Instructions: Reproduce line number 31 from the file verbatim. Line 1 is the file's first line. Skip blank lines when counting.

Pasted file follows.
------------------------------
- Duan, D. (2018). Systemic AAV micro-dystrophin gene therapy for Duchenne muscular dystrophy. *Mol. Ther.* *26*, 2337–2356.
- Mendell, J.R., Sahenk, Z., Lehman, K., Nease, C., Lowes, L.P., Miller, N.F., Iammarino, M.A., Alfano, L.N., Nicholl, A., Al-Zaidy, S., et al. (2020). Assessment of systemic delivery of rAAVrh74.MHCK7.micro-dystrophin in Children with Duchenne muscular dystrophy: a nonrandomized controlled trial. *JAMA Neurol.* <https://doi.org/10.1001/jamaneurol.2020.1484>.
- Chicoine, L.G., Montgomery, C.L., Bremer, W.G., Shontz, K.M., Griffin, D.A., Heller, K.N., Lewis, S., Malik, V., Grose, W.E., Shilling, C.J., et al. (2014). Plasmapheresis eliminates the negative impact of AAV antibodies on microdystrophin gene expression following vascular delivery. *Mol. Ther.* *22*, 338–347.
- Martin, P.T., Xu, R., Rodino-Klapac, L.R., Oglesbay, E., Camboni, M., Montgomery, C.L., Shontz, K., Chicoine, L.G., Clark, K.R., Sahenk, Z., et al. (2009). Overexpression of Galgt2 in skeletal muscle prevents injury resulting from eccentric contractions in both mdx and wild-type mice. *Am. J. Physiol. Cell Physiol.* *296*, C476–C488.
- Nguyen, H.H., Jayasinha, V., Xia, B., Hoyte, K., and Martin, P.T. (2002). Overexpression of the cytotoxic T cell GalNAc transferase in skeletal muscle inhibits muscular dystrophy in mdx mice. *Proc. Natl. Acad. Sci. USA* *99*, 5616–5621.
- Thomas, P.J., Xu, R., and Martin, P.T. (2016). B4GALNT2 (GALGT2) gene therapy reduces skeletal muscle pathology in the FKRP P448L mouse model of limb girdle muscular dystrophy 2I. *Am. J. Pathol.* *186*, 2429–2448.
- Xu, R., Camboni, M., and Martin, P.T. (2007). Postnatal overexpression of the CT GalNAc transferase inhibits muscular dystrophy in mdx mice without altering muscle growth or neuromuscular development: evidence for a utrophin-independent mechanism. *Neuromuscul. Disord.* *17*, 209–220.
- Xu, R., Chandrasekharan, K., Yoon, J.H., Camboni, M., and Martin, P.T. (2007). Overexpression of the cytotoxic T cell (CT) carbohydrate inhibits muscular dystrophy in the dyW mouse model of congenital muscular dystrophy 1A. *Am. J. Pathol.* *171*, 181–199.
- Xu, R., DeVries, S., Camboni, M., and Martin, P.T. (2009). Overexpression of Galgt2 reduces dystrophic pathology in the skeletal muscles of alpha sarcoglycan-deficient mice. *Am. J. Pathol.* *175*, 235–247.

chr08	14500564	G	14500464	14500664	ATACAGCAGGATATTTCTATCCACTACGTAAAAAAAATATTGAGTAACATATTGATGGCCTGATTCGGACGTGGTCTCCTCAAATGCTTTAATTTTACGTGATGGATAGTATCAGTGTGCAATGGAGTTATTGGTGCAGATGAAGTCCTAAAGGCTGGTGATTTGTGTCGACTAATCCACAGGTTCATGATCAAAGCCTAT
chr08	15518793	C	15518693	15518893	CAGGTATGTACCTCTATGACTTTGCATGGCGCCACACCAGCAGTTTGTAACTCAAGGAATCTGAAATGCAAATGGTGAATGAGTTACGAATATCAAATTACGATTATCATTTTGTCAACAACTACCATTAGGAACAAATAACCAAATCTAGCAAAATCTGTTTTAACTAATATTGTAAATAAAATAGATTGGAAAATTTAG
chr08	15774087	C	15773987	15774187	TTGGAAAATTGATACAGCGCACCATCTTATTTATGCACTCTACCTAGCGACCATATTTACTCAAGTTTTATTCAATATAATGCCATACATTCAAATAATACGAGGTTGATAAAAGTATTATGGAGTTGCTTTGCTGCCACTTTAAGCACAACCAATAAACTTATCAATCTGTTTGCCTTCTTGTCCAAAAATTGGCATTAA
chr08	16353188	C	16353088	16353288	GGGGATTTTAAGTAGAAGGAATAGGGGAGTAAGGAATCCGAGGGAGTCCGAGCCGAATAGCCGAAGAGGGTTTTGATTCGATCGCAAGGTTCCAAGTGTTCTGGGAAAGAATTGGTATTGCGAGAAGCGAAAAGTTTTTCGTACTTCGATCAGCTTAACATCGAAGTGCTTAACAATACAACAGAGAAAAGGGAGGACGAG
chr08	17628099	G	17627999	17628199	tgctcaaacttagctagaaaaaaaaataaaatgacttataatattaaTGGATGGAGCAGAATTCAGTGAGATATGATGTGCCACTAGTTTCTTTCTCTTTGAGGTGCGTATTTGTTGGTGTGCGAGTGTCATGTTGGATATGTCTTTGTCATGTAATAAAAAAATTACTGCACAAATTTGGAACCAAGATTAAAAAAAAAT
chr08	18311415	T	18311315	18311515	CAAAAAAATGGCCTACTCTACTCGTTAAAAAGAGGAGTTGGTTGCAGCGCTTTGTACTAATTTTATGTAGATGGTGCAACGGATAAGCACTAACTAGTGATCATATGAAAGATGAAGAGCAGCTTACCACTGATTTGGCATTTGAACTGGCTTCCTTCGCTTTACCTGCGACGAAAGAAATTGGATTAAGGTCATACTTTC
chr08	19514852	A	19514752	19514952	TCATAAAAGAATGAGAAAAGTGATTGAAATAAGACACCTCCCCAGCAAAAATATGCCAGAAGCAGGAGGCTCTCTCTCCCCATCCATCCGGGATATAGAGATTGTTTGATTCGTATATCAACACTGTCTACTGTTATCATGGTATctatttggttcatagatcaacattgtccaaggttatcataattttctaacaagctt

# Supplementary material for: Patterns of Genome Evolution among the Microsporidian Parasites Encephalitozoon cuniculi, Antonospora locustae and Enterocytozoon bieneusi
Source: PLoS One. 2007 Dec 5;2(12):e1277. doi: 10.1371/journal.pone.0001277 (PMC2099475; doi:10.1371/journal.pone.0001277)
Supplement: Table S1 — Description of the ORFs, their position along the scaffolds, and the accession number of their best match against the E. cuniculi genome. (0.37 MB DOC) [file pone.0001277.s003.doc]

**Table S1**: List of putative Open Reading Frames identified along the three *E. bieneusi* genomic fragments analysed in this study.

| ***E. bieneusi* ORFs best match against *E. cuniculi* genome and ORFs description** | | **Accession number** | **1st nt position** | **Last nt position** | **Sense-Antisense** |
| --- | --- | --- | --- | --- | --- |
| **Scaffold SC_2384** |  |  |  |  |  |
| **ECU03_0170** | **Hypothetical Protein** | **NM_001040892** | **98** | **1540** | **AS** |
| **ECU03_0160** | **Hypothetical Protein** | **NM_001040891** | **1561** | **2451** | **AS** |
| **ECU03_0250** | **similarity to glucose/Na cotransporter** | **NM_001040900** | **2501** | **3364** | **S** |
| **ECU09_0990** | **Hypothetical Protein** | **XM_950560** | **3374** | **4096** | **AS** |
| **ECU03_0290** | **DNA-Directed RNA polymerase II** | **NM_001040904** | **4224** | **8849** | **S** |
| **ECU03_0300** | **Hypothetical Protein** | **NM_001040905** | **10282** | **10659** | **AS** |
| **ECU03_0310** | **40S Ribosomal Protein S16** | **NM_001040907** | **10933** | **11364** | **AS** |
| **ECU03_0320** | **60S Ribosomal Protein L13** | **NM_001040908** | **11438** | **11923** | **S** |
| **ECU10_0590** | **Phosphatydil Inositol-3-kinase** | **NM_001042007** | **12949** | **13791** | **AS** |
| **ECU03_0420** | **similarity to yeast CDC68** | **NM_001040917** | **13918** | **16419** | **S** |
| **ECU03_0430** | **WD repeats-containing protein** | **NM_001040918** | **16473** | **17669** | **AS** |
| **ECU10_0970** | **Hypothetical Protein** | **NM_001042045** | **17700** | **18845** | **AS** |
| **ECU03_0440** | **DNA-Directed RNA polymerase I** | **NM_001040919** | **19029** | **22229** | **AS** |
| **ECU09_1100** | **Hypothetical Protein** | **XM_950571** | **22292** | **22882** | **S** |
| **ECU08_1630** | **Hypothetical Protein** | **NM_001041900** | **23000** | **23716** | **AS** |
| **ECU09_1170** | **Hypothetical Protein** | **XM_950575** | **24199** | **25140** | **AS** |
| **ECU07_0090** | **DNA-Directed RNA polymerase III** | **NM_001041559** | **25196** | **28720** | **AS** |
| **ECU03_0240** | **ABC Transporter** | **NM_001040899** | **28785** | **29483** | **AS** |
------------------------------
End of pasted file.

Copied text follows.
| **ECU03_0320** | **60S Ribosomal Protein L13** | **NM_001040908** | **11438** | **11923** | **S** |